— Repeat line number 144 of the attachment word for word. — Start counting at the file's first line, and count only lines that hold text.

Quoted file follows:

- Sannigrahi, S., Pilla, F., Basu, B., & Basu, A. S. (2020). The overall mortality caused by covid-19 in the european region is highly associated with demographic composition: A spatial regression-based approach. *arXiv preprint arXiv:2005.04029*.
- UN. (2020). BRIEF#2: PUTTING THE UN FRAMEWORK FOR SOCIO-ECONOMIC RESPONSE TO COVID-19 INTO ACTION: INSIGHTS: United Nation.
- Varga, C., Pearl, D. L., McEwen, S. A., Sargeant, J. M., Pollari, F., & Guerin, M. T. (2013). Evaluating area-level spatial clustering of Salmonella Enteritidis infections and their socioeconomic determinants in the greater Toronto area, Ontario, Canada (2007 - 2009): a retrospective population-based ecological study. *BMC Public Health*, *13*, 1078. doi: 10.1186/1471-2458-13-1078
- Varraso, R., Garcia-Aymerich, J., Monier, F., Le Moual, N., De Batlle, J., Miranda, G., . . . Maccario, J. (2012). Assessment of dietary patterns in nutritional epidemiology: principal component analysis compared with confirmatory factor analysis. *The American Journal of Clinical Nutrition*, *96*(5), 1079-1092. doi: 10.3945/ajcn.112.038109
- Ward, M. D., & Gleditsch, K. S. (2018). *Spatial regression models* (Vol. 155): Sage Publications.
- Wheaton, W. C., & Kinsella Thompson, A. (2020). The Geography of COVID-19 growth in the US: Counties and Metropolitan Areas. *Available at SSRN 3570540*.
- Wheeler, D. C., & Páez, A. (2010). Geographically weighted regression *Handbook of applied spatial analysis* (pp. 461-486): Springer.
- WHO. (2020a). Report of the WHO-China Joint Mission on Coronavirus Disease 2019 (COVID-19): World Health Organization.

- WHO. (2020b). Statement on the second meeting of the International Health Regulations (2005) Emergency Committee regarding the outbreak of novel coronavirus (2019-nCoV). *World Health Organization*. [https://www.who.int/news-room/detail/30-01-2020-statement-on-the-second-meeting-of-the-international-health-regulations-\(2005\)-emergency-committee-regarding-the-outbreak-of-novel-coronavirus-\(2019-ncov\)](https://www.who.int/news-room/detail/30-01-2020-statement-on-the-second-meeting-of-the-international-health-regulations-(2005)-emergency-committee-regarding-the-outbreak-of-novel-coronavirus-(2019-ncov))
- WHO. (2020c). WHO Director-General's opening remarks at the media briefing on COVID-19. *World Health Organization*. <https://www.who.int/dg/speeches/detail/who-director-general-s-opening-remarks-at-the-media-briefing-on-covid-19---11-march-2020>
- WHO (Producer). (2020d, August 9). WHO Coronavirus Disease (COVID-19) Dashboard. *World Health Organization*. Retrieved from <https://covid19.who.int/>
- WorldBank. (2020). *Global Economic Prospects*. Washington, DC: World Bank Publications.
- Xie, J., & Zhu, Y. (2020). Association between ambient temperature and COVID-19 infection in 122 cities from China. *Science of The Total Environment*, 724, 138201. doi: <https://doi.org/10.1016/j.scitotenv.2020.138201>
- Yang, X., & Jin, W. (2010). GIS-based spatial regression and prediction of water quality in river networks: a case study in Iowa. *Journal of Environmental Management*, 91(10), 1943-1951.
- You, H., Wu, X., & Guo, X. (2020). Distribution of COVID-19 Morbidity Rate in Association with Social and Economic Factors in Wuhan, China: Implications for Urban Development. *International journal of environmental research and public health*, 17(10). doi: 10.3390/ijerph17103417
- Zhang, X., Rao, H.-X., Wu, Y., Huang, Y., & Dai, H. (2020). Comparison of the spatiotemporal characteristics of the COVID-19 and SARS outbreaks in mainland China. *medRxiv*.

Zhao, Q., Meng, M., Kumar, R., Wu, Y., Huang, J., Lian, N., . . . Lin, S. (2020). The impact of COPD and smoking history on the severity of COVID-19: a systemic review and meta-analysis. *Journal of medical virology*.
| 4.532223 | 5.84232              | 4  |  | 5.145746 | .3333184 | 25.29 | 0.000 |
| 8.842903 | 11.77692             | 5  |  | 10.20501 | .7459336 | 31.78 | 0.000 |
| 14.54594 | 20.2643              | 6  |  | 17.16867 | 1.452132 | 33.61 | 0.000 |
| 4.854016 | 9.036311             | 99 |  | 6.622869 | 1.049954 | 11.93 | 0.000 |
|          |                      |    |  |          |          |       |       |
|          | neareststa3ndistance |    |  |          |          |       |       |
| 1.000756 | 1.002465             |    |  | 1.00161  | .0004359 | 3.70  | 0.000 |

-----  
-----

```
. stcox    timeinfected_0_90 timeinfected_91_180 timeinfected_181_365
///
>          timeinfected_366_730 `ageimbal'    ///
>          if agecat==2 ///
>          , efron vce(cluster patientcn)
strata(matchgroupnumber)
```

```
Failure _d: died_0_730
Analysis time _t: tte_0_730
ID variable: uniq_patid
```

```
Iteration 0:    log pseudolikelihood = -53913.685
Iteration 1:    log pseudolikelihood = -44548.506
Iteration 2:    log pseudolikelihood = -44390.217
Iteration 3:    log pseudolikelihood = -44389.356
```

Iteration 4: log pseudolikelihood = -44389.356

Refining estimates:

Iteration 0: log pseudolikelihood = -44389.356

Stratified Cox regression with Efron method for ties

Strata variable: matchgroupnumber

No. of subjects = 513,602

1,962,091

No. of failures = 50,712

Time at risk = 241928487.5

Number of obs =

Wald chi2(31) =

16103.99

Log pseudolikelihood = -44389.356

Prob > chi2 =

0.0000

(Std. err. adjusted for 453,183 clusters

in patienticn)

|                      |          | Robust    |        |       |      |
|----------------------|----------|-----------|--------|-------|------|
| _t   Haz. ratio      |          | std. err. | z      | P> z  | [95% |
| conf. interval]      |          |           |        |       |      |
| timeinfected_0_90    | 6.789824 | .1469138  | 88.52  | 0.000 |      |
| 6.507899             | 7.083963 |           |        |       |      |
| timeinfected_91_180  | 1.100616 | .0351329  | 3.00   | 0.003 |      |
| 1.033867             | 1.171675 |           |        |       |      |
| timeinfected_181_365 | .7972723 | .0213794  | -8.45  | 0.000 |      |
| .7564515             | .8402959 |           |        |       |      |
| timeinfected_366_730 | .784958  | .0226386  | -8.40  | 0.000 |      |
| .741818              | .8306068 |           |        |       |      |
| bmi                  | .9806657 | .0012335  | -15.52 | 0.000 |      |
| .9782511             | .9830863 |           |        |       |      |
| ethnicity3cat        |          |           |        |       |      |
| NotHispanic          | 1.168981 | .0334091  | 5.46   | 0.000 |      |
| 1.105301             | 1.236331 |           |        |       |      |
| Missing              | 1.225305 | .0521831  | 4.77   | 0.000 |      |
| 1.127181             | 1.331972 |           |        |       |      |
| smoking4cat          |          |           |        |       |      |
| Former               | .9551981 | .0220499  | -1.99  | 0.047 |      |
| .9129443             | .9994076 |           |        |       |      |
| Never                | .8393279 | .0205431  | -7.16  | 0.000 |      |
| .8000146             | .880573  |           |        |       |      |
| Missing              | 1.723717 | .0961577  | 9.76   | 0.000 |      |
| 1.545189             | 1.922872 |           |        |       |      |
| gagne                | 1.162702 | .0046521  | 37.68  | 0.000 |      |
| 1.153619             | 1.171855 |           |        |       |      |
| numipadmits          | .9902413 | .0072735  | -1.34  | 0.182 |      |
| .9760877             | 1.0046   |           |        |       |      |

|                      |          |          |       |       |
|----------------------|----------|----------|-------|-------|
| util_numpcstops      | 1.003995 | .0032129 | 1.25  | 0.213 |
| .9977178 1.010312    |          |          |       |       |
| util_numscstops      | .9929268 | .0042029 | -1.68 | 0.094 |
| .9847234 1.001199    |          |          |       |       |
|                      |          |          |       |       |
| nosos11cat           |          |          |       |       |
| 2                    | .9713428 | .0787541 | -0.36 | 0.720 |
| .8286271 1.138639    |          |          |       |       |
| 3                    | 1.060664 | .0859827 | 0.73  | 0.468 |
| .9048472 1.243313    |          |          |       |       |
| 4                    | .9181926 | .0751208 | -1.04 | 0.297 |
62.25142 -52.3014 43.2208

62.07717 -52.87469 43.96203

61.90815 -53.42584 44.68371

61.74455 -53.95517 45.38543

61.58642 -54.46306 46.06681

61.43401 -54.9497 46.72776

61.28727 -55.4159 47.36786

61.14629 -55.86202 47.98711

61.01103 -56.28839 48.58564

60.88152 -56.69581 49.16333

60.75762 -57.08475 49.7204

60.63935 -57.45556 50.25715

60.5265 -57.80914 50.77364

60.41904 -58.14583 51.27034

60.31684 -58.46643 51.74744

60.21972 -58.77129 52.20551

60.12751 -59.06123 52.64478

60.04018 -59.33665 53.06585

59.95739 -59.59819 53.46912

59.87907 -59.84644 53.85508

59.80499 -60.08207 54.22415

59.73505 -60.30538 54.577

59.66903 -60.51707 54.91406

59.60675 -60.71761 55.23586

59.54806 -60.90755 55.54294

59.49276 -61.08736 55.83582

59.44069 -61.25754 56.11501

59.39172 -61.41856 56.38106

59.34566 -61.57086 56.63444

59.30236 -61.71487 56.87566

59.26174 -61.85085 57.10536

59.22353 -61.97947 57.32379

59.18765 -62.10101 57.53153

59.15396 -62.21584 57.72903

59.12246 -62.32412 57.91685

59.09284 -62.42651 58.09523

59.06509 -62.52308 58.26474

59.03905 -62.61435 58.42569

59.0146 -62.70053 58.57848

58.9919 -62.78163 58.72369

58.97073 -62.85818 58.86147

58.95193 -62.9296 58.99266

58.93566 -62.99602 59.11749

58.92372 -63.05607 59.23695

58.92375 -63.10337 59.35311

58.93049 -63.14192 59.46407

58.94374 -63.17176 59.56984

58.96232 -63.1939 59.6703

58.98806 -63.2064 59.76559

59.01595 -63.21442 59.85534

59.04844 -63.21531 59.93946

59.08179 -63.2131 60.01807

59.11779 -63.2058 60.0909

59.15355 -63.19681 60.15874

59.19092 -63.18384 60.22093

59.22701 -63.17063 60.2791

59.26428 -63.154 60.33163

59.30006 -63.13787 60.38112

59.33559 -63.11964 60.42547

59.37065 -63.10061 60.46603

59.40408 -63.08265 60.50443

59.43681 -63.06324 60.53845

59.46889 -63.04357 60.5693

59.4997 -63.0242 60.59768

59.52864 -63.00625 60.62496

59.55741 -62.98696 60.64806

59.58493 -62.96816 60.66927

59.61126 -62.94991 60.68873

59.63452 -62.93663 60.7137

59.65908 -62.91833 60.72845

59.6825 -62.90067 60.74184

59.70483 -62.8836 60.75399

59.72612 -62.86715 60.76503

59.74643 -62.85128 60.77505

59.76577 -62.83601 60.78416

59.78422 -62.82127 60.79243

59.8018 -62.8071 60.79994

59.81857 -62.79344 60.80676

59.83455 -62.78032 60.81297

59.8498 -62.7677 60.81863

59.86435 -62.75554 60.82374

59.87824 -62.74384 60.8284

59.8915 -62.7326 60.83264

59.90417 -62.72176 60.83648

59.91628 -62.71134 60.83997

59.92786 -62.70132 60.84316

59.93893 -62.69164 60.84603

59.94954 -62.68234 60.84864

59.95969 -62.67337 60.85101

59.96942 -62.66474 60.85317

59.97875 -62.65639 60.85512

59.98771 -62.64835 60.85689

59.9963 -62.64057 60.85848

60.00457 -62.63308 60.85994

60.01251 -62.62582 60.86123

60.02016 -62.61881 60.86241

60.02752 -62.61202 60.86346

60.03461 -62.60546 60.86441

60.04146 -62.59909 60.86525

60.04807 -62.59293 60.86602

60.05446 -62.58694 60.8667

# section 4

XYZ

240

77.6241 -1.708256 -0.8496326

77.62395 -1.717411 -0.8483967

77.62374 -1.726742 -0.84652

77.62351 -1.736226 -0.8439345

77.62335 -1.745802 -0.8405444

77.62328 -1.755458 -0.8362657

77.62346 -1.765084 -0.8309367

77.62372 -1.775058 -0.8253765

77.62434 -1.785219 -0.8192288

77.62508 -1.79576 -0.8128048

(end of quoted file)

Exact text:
59.0146 -62.70053 58.57848